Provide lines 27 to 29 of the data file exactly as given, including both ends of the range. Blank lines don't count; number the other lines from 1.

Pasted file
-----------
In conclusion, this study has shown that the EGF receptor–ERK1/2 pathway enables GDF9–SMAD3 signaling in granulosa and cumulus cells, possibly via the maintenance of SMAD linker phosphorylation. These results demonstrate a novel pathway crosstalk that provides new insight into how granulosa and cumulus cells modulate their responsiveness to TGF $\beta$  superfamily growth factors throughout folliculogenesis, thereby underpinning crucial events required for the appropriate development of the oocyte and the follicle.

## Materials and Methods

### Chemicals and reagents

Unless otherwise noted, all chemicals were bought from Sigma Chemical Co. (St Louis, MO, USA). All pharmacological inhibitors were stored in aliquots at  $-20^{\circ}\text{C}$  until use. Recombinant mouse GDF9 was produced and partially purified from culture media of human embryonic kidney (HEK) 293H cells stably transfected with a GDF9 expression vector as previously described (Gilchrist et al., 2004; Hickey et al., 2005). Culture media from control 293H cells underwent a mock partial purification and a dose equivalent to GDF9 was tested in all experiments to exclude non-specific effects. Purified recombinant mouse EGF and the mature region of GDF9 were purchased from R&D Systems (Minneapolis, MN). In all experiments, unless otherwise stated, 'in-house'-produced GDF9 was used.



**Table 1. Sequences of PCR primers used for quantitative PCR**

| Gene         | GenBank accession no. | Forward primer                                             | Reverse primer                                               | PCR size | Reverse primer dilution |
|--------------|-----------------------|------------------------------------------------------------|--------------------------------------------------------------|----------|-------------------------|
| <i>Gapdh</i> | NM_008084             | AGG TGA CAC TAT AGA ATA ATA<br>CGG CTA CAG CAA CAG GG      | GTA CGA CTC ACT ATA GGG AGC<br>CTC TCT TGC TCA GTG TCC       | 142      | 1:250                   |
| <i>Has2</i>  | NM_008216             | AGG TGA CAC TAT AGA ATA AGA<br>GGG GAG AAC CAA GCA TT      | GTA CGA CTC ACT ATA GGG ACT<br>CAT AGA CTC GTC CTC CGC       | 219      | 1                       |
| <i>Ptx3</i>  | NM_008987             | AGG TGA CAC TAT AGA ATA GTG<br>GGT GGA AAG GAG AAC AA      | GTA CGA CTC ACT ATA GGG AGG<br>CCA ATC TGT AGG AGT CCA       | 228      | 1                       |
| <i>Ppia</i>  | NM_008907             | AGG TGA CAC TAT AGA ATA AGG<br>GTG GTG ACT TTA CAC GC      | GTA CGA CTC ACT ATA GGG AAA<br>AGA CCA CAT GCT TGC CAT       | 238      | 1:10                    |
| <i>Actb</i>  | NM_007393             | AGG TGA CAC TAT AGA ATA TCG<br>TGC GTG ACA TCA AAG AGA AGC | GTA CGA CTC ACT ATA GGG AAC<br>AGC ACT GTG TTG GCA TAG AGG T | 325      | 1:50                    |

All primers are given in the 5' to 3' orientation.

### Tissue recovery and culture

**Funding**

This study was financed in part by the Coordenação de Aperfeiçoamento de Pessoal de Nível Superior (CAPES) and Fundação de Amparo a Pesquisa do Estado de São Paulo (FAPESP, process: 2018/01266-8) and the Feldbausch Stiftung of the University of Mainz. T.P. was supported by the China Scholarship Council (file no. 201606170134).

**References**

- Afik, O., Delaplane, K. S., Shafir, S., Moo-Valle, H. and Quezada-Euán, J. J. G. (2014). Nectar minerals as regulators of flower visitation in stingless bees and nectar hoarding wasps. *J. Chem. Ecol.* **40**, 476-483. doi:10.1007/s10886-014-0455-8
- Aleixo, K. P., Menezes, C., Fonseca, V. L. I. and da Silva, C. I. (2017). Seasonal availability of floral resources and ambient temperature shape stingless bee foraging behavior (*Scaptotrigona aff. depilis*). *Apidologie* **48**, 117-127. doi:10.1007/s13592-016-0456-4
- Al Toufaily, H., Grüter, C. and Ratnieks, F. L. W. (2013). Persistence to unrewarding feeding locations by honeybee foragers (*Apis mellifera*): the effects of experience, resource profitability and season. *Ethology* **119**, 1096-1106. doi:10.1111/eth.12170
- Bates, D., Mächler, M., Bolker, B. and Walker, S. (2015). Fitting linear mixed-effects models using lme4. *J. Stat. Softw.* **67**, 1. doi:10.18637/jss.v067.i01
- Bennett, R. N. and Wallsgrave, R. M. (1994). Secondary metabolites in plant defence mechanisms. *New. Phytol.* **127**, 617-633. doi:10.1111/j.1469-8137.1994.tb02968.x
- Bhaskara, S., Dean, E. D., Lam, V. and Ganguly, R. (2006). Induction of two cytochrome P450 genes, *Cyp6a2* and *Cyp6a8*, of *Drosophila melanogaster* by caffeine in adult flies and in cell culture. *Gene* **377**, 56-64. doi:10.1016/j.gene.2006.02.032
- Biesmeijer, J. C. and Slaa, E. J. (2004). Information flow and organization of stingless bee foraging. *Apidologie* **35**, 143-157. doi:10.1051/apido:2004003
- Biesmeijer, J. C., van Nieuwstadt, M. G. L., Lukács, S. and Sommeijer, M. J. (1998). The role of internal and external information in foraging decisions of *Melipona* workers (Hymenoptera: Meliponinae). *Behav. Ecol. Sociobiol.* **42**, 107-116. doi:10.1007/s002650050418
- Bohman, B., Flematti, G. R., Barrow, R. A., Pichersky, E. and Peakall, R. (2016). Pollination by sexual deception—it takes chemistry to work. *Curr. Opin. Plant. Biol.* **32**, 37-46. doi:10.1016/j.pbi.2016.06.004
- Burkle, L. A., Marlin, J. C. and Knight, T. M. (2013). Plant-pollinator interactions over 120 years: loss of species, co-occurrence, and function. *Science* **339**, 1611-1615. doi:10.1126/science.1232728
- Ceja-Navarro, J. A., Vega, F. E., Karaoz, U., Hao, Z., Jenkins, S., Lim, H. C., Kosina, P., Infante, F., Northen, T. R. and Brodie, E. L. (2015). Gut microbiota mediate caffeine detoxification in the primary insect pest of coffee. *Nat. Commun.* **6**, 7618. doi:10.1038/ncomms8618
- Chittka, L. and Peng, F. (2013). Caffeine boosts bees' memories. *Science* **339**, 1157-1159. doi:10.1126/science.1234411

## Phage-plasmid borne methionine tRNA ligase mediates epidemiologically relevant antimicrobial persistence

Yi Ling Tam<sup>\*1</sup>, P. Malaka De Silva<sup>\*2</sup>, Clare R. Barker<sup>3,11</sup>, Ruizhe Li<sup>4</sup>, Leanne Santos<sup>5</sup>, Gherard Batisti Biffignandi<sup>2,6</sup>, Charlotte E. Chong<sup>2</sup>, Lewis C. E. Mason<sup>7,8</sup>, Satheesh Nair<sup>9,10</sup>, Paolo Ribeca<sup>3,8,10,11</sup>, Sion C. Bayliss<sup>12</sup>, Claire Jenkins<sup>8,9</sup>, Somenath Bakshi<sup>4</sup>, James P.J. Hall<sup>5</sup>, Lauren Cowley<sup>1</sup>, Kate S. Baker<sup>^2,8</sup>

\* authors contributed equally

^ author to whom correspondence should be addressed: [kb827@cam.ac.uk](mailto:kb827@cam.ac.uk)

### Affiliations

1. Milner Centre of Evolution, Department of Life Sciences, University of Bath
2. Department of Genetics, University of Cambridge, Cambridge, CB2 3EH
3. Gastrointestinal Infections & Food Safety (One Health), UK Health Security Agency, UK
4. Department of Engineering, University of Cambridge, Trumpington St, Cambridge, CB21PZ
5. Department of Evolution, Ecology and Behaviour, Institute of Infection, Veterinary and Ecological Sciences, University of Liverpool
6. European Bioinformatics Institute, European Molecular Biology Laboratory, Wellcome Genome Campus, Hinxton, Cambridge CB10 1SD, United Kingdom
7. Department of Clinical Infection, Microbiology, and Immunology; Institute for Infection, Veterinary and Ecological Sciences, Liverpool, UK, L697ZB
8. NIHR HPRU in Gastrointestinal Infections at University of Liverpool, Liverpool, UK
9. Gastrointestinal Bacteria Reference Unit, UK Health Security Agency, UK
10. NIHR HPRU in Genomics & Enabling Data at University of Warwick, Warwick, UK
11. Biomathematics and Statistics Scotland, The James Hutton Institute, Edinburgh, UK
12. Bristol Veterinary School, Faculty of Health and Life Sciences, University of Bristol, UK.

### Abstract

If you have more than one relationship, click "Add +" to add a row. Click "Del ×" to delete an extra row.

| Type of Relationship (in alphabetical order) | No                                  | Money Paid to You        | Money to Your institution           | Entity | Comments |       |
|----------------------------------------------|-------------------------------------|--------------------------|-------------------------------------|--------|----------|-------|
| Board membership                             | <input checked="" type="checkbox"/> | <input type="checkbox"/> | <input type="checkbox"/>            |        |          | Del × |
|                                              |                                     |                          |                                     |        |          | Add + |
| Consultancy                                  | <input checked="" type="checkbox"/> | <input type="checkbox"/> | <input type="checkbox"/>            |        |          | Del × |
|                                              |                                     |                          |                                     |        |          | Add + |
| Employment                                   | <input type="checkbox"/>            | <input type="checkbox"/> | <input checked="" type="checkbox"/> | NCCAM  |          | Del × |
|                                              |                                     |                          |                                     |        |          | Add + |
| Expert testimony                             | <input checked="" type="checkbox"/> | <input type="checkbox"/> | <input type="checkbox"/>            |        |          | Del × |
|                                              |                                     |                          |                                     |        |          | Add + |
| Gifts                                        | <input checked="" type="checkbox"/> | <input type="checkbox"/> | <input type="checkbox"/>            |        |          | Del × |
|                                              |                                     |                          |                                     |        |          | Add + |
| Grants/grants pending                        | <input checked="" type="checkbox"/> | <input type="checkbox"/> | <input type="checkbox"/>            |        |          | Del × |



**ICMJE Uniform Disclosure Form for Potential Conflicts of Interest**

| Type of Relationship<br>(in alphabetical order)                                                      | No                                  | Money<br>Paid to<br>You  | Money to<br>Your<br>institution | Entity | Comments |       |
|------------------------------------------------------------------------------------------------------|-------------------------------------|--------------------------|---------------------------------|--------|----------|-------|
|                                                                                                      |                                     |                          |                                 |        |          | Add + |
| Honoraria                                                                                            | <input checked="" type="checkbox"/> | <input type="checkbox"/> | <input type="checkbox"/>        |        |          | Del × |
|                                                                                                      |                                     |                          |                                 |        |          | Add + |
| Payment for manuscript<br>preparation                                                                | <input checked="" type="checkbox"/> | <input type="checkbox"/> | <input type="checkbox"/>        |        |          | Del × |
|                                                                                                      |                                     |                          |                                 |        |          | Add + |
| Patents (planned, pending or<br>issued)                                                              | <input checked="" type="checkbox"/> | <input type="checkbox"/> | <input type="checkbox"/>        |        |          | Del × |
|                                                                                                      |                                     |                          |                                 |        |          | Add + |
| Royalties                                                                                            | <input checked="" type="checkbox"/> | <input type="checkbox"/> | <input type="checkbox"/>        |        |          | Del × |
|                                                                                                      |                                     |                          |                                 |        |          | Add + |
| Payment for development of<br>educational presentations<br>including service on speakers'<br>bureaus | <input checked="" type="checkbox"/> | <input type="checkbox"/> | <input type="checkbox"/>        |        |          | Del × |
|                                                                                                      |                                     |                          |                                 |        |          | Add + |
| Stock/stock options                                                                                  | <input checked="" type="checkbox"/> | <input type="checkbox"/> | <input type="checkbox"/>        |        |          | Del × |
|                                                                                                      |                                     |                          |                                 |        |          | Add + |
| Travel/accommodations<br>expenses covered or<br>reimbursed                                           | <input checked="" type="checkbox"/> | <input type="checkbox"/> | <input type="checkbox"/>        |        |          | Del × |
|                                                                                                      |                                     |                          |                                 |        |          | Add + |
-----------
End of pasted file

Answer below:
- Burkle, L. A., Marlin, J. C. and Knight, T. M. (2013). Plant-pollinator interactions over 120 years: loss of species, co-occurrence, and function. *Science* **339**, 1611-1615. doi:10.1126/science.1232728
- Ceja-Navarro, J. A., Vega, F. E., Karaoz, U., Hao, Z., Jenkins, S., Lim, H. C., Kosina, P., Infante, F., Northen, T. R. and Brodie, E. L. (2015). Gut microbiota mediate caffeine detoxification in the primary insect pest of coffee. *Nat. Commun.* **6**, 7618. doi:10.1038/ncomms8618
- Chittka, L. and Peng, F. (2013). Caffeine boosts bees' memories. *Science* **339**, 1157-1159. doi:10.1126/science.1234411